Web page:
Shadow directors - are they as scary as they sound?

We had a lot of interest following our piece on Chameleon directors, so this week we’re going to look at another kind of shady business practice – the shadow director.


What we direct in the shadows

what we do in the shadows

 

 

 

 

 

 

 

 

 

 

Directors are appointed for good reasons. They have to be formally registered at Companies House, perform statutory duties and are bound by the law to exercise reasonable care, skill, diligence in their stewardship and avoid conflicts of interest.

 

A shadow director is somebody who assumes the role and responsibilities of a director without being formally appointed. Sometimes this is a way for disqualified directors to retain control of a company or for other unappointed people to act as a director without the annoyance of letting Companies House know or obey any of their other “crazy” rules.  

 

Some people love their jobs so much they just can’t stay away; others want to use their experience to help their friends or family with their business and some are just crooks.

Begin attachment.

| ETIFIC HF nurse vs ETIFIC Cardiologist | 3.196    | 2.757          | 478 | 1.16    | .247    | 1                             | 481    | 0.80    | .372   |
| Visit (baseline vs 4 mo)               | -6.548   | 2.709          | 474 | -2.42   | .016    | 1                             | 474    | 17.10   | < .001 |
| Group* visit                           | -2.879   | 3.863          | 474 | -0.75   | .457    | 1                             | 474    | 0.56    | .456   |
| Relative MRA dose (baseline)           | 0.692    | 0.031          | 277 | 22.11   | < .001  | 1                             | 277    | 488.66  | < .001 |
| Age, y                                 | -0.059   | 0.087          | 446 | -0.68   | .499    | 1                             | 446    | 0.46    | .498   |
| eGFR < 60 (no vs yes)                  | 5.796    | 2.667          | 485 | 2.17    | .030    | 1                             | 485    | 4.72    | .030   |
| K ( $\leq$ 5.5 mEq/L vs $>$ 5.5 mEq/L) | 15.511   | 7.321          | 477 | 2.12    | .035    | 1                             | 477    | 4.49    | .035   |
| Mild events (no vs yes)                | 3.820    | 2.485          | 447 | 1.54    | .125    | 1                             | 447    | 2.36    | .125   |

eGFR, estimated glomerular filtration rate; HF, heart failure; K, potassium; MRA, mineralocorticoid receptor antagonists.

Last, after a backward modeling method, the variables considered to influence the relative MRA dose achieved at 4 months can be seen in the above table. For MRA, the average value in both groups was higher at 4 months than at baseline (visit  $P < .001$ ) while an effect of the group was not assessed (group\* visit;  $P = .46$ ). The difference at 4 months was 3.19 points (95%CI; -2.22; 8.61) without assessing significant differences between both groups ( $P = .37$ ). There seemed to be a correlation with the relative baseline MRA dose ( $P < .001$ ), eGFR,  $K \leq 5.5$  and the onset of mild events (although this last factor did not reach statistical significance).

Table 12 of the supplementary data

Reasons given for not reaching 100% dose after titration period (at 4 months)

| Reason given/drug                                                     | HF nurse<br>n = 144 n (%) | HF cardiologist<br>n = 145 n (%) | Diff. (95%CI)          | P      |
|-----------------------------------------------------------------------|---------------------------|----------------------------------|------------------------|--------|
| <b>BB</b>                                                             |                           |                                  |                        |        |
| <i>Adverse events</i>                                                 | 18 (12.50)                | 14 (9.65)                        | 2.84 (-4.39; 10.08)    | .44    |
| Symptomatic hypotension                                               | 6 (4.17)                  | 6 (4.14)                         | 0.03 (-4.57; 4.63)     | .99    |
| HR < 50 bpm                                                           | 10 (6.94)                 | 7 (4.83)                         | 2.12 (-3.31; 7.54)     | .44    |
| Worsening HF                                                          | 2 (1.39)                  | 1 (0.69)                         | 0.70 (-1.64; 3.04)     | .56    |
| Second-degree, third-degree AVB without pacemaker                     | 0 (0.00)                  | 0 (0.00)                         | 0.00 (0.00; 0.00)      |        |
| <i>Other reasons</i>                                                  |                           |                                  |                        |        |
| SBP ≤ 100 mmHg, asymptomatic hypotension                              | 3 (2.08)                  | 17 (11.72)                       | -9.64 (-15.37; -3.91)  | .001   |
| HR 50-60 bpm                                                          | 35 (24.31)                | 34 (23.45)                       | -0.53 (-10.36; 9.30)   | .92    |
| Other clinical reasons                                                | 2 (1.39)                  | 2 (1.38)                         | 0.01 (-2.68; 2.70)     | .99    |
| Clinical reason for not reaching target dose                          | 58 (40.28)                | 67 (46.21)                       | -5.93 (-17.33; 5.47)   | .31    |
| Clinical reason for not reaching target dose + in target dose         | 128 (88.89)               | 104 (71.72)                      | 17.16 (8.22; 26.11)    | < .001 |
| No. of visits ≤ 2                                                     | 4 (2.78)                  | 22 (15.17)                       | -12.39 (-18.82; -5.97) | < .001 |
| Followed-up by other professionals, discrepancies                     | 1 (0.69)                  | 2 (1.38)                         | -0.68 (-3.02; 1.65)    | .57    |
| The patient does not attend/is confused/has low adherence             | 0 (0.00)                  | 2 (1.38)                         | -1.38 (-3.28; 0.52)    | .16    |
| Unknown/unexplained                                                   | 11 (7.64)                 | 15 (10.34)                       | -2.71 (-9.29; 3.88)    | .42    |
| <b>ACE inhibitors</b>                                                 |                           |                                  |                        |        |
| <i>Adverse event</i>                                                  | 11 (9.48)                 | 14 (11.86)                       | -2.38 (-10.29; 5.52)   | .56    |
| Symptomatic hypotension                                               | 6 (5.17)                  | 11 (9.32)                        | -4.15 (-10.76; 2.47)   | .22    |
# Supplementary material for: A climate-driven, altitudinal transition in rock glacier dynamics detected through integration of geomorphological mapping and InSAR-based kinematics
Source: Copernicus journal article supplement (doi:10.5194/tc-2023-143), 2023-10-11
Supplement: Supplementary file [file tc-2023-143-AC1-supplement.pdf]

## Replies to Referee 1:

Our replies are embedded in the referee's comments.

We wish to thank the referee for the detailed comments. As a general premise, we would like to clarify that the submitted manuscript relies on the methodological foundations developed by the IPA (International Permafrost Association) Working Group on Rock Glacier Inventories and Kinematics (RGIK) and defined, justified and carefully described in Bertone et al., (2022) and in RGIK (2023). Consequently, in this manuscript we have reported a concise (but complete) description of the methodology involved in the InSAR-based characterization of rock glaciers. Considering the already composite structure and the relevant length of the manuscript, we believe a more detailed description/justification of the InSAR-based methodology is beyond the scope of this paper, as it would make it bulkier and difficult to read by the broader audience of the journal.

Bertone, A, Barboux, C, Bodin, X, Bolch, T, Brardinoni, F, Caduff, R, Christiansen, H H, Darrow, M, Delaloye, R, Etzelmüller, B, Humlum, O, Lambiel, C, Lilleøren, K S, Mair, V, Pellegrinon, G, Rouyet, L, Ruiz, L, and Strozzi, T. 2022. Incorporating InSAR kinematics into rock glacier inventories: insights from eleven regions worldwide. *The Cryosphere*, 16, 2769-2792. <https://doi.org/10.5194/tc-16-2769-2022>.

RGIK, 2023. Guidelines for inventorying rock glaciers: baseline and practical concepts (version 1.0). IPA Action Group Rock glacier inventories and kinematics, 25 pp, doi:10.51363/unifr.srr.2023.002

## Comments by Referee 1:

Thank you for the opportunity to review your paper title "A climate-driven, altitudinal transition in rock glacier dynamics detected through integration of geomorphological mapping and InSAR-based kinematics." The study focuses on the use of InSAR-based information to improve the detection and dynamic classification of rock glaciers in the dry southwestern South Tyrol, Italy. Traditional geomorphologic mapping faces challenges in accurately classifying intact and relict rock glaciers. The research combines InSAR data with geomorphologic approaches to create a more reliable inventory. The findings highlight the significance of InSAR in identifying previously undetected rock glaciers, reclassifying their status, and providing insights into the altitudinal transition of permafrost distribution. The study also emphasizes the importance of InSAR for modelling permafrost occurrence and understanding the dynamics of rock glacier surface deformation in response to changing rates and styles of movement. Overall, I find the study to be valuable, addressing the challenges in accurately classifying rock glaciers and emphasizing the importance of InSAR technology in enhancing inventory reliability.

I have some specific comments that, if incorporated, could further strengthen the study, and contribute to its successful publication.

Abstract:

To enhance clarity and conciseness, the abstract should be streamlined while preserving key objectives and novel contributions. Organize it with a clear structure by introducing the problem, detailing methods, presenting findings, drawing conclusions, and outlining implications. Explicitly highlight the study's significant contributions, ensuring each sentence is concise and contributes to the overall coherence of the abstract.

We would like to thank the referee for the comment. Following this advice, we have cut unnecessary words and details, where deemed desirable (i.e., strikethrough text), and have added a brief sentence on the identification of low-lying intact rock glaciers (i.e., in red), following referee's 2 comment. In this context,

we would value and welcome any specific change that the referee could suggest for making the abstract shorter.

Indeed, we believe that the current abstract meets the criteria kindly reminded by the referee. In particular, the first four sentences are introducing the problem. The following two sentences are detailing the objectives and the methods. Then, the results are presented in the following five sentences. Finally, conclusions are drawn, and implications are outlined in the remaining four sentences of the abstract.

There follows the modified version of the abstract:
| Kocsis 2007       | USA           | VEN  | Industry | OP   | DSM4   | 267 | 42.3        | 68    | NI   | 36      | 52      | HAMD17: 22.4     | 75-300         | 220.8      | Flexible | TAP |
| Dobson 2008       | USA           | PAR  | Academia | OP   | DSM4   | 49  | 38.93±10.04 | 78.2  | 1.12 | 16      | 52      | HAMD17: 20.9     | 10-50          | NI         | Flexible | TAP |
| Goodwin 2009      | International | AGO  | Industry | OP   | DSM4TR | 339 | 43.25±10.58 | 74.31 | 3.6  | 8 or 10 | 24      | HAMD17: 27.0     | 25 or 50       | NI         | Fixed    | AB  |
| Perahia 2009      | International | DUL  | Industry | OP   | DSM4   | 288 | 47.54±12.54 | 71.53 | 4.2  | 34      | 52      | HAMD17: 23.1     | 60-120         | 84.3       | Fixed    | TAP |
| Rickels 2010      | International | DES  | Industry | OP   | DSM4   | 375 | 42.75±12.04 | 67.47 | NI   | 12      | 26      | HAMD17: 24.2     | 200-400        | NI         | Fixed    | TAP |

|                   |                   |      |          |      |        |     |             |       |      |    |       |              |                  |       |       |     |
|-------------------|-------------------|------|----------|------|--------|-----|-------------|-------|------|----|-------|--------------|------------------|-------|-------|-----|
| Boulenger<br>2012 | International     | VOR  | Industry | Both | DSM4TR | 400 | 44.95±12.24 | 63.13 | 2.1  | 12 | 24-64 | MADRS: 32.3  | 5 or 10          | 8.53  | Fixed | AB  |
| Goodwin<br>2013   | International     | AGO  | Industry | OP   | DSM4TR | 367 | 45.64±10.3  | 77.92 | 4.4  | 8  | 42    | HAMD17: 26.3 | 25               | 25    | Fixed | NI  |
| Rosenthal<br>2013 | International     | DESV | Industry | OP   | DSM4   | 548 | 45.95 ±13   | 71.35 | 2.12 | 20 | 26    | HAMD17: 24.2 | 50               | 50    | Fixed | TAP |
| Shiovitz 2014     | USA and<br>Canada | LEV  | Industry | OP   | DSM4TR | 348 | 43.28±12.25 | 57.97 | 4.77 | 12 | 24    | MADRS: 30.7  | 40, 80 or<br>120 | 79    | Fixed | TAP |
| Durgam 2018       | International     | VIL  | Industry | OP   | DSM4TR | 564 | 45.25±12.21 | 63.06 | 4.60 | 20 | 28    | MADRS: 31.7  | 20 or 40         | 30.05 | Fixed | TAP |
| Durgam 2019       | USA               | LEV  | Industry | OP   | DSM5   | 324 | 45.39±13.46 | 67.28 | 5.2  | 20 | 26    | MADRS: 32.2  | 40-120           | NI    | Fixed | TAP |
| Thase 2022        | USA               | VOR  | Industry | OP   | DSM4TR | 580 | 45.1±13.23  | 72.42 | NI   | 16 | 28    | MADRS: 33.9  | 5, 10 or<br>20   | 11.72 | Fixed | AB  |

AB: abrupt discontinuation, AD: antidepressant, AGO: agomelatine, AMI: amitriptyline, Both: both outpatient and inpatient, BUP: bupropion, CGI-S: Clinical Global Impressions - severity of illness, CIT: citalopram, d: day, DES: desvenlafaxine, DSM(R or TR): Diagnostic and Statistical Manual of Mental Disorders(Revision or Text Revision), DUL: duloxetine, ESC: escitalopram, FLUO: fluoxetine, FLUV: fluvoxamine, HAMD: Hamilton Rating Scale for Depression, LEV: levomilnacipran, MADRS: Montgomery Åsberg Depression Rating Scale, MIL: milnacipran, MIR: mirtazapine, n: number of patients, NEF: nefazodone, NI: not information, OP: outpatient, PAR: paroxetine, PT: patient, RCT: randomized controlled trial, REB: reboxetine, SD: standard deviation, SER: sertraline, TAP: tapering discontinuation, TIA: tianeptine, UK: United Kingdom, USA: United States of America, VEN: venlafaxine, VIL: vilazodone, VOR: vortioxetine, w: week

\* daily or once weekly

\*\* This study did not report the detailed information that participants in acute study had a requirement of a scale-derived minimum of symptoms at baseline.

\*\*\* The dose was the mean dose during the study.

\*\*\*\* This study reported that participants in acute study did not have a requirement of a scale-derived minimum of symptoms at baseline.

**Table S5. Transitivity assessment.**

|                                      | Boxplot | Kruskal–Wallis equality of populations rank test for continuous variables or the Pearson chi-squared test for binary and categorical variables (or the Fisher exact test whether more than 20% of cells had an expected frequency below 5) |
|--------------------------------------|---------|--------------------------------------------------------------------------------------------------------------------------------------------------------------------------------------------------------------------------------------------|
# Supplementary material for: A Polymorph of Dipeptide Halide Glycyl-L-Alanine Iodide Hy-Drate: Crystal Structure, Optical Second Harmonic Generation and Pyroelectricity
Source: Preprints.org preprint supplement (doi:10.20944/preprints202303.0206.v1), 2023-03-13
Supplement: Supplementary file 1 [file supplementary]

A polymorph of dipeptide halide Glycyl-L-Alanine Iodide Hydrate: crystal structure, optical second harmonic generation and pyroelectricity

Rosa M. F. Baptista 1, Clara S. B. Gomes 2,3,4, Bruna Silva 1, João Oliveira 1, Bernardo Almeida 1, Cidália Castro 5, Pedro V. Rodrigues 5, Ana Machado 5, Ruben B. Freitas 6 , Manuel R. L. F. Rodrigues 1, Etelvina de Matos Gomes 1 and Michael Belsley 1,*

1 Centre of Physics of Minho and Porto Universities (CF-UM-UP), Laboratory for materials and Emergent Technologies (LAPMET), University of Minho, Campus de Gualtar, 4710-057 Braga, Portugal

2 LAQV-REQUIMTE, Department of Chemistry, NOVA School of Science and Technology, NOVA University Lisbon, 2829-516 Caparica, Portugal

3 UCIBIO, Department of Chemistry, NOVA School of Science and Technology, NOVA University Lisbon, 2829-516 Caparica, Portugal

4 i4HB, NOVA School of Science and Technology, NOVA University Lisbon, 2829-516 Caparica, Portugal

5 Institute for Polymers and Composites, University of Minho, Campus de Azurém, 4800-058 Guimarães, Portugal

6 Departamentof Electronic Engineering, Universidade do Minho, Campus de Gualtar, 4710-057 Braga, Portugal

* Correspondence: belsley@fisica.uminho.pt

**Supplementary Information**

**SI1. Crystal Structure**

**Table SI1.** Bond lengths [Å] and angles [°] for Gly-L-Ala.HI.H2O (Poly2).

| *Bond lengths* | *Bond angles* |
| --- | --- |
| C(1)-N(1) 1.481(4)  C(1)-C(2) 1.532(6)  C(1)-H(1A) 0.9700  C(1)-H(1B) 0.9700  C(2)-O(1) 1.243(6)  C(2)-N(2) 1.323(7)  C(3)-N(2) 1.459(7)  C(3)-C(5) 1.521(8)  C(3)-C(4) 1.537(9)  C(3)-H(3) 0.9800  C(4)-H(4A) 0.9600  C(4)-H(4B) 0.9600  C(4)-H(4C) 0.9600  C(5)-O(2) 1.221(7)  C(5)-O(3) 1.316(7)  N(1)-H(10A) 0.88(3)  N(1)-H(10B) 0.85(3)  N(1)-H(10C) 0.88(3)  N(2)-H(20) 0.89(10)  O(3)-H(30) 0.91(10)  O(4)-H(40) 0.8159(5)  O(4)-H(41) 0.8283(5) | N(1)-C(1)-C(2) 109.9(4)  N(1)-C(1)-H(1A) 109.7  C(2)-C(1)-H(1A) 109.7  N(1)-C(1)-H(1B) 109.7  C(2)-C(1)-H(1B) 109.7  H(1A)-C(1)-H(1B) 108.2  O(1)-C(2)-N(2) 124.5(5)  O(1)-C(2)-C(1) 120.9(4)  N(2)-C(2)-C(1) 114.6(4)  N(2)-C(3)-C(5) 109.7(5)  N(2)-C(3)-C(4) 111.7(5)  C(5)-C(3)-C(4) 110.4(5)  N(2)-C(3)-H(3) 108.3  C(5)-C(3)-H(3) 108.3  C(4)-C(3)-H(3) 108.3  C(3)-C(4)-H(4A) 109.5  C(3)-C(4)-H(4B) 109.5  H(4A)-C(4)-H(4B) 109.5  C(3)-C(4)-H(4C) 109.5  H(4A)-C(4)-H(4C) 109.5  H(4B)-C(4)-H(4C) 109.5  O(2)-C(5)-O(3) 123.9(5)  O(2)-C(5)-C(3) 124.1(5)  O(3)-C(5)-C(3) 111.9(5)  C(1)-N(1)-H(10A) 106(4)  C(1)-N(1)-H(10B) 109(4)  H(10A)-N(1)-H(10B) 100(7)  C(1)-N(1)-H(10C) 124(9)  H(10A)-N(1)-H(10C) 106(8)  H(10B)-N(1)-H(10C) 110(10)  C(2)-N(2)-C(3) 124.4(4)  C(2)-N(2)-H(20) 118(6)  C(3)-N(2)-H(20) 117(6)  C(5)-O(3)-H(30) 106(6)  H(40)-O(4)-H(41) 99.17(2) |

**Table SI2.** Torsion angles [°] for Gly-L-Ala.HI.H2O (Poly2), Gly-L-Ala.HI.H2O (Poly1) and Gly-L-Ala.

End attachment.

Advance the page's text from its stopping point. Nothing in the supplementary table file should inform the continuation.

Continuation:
If a company enters insolvency then there will be a directors’ investigation to determine what happened and who, if anybody was responsible. This doesn’t just include directors but if it’s established that people were acting as shadow directors then even though they haven’t been formally appointed, they will be held as liable as the official named directors.

 

A recent example is the case of Absolute Resource Management. They were an IT consultancy based in Luton, incorporated in 2007, began trading in 2009 under a sole director registered as Carol Perry. They were liquidated in 2016 when the liquidator’s report triggered an investigation. This subsequently discovered that a Mr Keith Perry, Carol’s brother, had been acting as shadow director since 2010.  

 

Mr Perry had already been disqualified from being a director for seven years in 2010 for his previous conduct as director of the similar sounding Absolute Service Management (Beds) Limited. His ban was for not maintaining adequate accounting records or paying appropriate taxes.  

 

Sadly he seems to have a problem remembering to pay taxes as Absolute Resource Management failed to pay them for three and a half years from March 2013. When the company stopped trading they owed HMRC more than £220,000.

 

Mr Perry was subsequently banned from being a director for 11 years now while sister Carol has been banned for four years for failing in her directors’ duty to ensure the company fulfilled its tax obligations.

If you’re a director and worried about an investigation into your company then Contact us. We’ll explain the ins and outs of the process and what to do to make sure you represent yourself and your actions in the best possible light – because after all, light dispels shadows!

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